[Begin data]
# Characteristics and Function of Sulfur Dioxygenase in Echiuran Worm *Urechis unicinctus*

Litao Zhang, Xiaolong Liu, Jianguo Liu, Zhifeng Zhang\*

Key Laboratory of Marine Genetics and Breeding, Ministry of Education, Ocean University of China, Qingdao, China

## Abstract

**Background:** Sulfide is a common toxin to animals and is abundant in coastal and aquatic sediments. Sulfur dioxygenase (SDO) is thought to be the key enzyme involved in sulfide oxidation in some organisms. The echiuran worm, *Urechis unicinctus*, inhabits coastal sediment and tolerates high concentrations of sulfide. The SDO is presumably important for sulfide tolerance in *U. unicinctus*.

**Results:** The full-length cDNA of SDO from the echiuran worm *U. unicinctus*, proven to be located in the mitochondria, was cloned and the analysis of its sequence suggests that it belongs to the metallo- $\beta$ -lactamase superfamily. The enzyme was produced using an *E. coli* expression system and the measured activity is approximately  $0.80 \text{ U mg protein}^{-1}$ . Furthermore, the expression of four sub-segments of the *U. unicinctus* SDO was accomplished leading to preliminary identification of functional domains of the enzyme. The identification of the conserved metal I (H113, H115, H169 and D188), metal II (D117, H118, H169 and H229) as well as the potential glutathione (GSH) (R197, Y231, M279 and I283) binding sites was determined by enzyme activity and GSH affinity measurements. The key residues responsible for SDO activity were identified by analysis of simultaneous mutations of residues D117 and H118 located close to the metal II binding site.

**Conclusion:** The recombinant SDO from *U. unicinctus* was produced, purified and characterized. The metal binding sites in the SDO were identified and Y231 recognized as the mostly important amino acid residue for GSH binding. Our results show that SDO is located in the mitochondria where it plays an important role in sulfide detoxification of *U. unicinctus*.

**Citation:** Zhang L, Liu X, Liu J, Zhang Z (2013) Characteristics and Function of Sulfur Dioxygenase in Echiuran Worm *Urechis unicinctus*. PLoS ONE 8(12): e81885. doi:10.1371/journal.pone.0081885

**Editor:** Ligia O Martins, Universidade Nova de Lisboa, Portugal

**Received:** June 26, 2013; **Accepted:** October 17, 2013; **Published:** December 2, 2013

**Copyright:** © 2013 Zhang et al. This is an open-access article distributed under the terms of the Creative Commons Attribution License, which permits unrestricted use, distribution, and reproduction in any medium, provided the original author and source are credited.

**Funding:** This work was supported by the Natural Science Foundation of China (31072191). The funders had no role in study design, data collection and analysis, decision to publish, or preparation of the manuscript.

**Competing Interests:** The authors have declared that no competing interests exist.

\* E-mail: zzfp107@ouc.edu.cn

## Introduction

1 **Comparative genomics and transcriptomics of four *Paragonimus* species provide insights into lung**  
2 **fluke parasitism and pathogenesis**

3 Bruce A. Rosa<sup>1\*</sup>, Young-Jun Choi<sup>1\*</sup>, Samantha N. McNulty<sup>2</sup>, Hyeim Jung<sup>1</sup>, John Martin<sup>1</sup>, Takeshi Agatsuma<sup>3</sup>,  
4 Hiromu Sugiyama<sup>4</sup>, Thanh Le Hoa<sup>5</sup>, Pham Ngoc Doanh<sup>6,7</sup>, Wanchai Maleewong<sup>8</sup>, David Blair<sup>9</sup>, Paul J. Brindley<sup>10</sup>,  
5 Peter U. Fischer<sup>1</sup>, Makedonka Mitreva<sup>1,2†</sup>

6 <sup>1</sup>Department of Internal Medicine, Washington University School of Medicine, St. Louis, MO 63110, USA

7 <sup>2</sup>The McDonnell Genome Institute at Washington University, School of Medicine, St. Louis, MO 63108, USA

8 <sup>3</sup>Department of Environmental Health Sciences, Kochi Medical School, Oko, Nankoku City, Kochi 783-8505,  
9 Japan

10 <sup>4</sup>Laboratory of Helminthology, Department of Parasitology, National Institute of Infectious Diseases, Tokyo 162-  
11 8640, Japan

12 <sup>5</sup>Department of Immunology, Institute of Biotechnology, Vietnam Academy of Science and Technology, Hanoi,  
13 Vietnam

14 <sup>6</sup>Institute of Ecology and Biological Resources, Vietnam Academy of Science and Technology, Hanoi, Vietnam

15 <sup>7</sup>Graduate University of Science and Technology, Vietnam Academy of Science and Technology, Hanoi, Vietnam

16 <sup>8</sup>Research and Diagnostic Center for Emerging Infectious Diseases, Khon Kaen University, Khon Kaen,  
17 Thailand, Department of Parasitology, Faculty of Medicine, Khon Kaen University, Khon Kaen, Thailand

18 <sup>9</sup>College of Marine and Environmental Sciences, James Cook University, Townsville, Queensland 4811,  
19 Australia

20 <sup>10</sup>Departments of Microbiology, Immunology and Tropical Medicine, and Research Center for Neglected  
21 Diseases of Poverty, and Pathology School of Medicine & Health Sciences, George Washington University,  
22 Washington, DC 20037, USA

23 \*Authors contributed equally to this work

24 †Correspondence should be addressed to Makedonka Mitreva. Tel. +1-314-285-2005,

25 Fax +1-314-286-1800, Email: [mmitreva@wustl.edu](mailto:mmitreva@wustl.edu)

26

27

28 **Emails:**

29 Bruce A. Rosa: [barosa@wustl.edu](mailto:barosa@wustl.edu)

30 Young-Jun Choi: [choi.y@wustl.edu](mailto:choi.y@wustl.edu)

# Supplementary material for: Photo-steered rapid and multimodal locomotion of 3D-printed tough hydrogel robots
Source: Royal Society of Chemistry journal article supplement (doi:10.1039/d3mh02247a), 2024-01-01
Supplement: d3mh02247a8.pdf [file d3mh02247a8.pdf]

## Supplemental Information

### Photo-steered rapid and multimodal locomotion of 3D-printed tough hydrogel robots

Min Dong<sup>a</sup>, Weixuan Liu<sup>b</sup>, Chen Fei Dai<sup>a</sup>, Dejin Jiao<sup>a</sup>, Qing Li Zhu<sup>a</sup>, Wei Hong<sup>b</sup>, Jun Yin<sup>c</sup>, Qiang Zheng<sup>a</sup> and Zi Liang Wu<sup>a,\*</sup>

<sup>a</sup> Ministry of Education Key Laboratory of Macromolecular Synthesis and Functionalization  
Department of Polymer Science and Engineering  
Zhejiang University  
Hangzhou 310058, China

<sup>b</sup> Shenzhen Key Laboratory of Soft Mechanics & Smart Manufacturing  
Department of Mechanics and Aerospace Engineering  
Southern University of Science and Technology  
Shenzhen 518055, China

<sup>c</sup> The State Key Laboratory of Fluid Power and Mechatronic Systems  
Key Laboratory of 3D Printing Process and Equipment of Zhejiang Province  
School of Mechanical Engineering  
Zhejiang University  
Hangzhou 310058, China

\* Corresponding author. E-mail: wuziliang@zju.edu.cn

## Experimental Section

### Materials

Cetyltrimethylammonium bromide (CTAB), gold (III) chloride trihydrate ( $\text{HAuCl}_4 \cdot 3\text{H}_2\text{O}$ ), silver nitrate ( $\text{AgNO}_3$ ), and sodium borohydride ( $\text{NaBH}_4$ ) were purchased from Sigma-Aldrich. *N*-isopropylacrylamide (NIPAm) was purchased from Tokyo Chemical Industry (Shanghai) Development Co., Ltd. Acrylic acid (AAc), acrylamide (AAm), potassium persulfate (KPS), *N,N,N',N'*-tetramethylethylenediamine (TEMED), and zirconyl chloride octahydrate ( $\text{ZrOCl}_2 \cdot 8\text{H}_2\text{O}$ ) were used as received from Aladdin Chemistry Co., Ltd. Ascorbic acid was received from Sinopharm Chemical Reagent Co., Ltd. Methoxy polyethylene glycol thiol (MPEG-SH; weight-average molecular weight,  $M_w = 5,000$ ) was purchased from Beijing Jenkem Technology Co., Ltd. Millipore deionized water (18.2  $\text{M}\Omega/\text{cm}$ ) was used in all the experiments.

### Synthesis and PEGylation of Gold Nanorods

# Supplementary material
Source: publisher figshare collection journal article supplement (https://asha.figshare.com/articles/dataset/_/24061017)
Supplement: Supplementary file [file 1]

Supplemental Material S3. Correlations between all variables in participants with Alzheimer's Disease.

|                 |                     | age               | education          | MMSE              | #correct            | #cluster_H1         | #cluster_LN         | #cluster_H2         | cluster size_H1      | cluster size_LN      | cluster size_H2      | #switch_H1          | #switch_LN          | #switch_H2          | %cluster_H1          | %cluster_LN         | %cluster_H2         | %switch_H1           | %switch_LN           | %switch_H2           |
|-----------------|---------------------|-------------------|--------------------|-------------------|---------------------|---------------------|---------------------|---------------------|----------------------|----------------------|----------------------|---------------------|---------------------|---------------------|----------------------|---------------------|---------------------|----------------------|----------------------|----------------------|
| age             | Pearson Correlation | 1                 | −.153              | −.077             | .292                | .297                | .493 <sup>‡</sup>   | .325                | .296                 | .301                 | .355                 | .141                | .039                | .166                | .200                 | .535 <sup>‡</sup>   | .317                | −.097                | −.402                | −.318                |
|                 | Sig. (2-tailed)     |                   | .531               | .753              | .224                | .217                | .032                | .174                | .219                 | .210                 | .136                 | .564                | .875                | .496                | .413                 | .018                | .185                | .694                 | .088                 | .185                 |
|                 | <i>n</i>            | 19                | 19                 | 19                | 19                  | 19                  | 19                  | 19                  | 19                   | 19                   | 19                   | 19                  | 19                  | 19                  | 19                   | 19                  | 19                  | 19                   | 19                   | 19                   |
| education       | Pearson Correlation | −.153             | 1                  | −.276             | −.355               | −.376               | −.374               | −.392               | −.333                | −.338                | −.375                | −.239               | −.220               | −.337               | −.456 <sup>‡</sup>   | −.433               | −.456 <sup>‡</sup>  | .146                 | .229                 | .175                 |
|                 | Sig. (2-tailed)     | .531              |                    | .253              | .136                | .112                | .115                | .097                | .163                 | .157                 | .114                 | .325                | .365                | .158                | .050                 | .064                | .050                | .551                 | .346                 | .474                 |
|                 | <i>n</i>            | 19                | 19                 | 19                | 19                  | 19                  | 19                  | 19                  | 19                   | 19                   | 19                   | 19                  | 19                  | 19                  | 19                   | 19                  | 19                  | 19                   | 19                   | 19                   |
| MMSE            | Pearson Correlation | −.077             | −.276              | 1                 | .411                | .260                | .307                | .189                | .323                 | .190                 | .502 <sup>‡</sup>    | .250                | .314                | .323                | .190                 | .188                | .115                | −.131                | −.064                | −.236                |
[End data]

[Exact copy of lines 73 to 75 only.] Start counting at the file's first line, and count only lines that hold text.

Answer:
Supplemental Material S3. Correlations between all variables in participants with Alzheimer's Disease.

|                 |                     | age               | education          | MMSE              | #correct            | #cluster_H1         | #cluster_LN         | #cluster_H2         | cluster size_H1      | cluster size_LN      | cluster size_H2      | #switch_H1          | #switch_LN          | #switch_H2          | %cluster_H1          | %cluster_LN         | %cluster_H2         | %switch_H1           | %switch_LN           | %switch_H2           |
|-----------------|---------------------|-------------------|--------------------|-------------------|---------------------|---------------------|---------------------|---------------------|----------------------|----------------------|----------------------|---------------------|---------------------|---------------------|----------------------|---------------------|---------------------|----------------------|----------------------|----------------------|